Safe Work Australia (SWA) quietly released an amended version of its “Work-related psychological health and safety: A systematic approach to meeting your duties” recently. SafetyAtWorkBlog looks at what has changed.
The original file included a chapter headed “Provisional Liability” which has been shifted giving more prominence to “What is meant by recovery and return-to-work?”. The original information remains; however, the text identifies a weakness in the guidance.
“A long period away from work can undermine working relationships and has been shown to lead to poorer RTW outcomes for injured workers. ”page 27
Any occurrence of the phrase “has been shown” should be accompanied by a reference to the source of the evidence that shows this “fact”. This phrase strongly implies that there is evidence and SWA should point the reader to this evidence. One of the, perhaps snobby, criticisms of the first guidance was that it is not research but a position statement on the issue agreed by participants in SWA’s tripartite consultation. A position statement can still be authoritative and links to evidence would address some of this criticism.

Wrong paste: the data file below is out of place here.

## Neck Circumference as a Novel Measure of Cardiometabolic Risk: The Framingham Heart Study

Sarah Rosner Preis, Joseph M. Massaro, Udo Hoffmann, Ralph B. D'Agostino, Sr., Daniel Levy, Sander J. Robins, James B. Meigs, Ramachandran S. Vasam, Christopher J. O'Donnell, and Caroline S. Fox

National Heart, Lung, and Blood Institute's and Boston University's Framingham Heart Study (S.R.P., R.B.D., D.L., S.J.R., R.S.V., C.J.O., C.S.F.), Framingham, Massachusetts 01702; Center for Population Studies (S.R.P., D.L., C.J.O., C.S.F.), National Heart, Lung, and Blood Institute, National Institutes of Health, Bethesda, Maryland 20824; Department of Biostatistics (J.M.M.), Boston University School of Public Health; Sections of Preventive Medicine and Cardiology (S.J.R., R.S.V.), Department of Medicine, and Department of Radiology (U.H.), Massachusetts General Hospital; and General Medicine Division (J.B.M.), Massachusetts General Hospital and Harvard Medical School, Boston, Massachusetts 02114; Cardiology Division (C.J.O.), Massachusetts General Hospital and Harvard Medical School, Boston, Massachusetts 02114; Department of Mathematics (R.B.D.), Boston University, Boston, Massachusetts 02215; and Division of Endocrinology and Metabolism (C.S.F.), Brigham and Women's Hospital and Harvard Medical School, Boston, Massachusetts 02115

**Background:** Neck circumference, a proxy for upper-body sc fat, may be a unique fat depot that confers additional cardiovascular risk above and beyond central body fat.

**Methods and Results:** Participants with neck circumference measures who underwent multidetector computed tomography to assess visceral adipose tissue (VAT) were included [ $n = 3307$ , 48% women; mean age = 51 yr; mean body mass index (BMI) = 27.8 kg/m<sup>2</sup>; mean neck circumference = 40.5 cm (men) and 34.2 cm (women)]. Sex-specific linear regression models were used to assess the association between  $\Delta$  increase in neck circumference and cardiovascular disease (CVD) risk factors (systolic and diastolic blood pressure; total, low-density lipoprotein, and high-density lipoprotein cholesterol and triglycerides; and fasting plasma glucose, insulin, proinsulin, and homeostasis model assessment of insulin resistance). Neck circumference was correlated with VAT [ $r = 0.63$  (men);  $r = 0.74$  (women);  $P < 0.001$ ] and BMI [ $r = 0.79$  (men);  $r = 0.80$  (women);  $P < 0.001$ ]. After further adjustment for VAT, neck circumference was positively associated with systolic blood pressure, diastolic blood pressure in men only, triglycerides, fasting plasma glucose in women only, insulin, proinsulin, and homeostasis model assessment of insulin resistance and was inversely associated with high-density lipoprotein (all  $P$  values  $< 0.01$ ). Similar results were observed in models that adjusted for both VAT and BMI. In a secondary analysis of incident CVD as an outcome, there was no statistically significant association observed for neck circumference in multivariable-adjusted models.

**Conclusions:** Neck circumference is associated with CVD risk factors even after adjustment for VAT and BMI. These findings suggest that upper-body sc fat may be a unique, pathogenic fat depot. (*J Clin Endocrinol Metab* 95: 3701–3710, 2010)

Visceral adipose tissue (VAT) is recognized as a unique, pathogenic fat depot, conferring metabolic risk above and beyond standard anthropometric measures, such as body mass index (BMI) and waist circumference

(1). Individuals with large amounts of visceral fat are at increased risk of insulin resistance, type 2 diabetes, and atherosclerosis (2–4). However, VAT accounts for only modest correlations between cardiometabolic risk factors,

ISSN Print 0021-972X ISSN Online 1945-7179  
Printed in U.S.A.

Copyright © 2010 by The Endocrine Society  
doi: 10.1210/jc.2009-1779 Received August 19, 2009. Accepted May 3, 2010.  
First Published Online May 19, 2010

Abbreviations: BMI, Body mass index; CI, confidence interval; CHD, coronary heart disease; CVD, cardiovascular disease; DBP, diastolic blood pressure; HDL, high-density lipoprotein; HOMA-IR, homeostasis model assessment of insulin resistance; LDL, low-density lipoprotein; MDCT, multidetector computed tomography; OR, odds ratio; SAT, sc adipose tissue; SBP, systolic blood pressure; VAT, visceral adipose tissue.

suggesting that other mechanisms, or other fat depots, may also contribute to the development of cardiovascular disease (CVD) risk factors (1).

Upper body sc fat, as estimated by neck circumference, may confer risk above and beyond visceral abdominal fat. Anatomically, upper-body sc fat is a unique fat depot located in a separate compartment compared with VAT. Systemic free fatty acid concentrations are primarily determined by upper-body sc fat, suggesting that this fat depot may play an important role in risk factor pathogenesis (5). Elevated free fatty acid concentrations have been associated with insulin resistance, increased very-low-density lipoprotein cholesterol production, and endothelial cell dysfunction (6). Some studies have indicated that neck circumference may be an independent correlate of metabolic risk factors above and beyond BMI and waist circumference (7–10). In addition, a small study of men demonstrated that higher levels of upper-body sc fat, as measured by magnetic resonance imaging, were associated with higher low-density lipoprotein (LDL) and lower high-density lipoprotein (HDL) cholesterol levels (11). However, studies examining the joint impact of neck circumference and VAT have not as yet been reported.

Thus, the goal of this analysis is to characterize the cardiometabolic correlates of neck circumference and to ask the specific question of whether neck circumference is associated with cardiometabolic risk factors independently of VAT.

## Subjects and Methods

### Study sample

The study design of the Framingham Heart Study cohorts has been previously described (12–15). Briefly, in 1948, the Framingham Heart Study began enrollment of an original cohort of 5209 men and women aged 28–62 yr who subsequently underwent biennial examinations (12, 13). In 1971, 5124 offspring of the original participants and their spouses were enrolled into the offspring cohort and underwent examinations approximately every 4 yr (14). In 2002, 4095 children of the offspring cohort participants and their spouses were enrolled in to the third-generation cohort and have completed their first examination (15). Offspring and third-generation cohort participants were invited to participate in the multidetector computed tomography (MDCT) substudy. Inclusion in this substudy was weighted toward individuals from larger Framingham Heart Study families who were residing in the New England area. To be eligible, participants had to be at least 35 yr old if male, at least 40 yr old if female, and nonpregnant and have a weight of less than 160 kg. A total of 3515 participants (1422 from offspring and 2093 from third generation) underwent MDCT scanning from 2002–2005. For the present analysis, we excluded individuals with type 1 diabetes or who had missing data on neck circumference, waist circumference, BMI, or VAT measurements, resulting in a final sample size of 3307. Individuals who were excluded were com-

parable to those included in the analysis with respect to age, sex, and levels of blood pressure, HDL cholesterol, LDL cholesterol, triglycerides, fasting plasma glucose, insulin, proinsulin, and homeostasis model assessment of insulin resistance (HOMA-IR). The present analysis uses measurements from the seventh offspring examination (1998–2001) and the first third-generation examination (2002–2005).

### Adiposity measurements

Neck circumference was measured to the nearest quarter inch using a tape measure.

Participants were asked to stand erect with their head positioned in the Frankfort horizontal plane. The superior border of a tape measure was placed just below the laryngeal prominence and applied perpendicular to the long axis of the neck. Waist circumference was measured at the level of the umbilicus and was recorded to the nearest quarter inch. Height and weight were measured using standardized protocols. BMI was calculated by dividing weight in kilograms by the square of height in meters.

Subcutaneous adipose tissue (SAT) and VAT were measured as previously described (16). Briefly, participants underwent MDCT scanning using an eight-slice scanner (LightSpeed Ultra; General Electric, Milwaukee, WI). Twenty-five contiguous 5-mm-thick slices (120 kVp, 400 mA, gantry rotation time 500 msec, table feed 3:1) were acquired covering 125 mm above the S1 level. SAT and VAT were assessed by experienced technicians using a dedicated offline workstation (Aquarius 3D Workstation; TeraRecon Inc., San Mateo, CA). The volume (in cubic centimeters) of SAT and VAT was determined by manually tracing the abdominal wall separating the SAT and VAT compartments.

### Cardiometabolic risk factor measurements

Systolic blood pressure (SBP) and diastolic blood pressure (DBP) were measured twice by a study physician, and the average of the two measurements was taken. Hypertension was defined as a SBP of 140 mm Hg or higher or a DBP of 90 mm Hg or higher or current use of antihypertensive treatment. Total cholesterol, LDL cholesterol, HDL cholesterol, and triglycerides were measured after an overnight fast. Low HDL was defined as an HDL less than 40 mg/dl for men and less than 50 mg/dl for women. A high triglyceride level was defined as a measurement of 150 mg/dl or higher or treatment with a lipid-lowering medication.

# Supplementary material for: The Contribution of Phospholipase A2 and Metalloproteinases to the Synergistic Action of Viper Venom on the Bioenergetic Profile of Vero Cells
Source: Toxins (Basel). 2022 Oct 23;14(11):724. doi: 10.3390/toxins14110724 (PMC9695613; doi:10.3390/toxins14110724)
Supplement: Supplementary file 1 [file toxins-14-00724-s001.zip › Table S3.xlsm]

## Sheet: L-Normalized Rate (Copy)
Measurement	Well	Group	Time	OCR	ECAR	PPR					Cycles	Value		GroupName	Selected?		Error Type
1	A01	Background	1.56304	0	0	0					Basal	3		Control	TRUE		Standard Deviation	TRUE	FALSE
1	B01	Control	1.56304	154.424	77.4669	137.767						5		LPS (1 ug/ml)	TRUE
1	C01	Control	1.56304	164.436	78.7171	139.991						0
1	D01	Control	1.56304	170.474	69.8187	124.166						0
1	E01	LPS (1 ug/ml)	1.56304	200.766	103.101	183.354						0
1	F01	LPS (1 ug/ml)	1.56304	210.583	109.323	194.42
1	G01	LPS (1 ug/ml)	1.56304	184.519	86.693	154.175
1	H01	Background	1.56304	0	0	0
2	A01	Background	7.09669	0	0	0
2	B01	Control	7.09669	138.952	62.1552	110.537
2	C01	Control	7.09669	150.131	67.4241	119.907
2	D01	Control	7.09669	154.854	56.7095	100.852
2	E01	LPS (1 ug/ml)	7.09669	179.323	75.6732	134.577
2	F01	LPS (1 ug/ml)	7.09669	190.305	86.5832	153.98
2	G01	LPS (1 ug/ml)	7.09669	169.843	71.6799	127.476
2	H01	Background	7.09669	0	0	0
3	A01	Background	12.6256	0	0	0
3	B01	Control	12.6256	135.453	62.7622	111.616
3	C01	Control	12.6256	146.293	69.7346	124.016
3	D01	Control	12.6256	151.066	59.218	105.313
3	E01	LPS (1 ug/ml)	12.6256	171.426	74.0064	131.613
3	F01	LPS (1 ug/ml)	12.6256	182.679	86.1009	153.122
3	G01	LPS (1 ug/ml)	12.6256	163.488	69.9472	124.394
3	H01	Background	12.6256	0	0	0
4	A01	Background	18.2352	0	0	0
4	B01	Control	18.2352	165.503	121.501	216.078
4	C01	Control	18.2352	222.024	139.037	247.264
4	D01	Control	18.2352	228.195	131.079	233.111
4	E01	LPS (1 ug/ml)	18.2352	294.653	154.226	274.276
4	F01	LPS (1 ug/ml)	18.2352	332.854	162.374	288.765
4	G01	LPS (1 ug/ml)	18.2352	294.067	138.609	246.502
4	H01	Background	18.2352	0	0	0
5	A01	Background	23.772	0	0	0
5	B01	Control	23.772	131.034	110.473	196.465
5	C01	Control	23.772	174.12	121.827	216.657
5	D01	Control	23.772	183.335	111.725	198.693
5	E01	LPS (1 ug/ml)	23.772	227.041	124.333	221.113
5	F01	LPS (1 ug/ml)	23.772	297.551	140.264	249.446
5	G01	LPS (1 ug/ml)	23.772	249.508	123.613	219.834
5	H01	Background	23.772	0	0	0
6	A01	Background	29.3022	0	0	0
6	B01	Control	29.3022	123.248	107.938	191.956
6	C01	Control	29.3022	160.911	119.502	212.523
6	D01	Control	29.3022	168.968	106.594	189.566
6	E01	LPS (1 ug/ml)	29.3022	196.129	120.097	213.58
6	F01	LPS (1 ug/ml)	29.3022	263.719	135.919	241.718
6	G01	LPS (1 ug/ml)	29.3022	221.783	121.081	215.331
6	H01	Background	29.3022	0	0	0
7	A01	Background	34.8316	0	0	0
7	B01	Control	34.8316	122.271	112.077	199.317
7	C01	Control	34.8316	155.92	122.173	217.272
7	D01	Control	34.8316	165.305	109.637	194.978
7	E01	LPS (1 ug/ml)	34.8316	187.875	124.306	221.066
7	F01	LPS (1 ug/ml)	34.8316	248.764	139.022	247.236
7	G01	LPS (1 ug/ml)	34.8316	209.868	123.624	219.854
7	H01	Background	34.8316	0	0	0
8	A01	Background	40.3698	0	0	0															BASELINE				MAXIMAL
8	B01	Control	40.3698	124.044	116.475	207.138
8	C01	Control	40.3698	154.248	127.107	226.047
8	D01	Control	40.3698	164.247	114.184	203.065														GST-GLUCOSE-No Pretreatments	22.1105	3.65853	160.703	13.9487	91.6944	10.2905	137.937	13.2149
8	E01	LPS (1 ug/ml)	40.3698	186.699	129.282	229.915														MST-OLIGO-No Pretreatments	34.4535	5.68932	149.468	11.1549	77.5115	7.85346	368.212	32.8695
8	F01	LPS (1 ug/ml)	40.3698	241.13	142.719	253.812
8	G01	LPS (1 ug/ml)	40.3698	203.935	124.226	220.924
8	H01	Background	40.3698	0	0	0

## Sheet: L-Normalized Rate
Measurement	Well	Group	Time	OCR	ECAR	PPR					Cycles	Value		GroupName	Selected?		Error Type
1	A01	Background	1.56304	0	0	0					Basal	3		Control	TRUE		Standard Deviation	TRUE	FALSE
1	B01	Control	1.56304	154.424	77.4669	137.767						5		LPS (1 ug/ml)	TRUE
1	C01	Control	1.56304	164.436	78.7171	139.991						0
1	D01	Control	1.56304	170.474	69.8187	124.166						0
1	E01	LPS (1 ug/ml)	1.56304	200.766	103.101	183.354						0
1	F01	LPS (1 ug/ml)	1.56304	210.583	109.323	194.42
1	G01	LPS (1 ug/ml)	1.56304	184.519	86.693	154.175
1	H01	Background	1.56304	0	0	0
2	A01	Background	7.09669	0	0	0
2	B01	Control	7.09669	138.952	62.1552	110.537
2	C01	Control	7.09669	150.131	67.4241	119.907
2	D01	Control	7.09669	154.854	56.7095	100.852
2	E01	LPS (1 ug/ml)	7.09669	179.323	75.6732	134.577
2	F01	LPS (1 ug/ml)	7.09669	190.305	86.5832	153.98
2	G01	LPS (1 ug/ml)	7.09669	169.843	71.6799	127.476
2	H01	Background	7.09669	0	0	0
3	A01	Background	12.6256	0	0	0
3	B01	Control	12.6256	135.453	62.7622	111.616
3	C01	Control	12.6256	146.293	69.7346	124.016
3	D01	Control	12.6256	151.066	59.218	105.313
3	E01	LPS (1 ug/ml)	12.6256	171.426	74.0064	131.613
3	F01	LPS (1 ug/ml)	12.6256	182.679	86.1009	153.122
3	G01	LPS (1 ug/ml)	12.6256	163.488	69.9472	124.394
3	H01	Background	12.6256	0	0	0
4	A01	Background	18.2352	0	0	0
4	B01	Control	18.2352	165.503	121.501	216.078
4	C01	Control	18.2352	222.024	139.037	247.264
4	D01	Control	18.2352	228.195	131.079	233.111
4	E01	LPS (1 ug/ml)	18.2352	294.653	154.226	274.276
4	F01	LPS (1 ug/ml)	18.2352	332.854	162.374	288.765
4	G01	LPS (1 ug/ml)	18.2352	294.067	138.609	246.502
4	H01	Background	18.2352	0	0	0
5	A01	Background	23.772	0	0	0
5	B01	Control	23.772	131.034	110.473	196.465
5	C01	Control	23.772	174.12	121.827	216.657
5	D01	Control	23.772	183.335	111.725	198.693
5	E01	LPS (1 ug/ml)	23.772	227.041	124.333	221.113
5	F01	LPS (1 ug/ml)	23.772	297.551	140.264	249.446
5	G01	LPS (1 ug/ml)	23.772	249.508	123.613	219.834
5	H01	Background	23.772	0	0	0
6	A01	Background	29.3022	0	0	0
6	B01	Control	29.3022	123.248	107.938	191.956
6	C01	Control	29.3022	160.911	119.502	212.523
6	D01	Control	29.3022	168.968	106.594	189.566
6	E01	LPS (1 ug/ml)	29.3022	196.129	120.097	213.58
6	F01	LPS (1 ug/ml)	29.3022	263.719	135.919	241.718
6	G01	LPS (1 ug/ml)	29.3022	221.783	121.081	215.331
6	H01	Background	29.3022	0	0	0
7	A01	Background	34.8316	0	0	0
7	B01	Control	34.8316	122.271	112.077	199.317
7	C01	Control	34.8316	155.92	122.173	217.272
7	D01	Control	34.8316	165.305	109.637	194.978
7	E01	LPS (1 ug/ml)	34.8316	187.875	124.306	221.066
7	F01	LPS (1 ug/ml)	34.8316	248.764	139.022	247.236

Some text changes are understandable. For instance, where the original document referred to “doctors” as treating practitioners, the new guidance includes “or other health practitioners” in keeping with the current approach to medical assistance.
A lot of the text changes relate to formatting – a capitalisation here, a hard return for an additional bulletpoint, updated page numbers. One change provides clarity through the deletion of “may”. The new version states:
These laws, although similar in all jurisdictions,page 26
mayhave some variations so it is important to refer to your jurisdiction and ensure you are compliant with relevant laws.
Are there fundamental changes to this guidance? No, but we should not have to ask this question. Most subsequent editions of a book or document has a new Preface or similar which explains the reasons for the editorial and textual changes. Government publications hardly ever do this but should, especially if government as a whole accepts that the level of trust from stakeholders needs improving. A new explanatory Preface is a small change but is also one of those nudges beloved by behavioural scientists.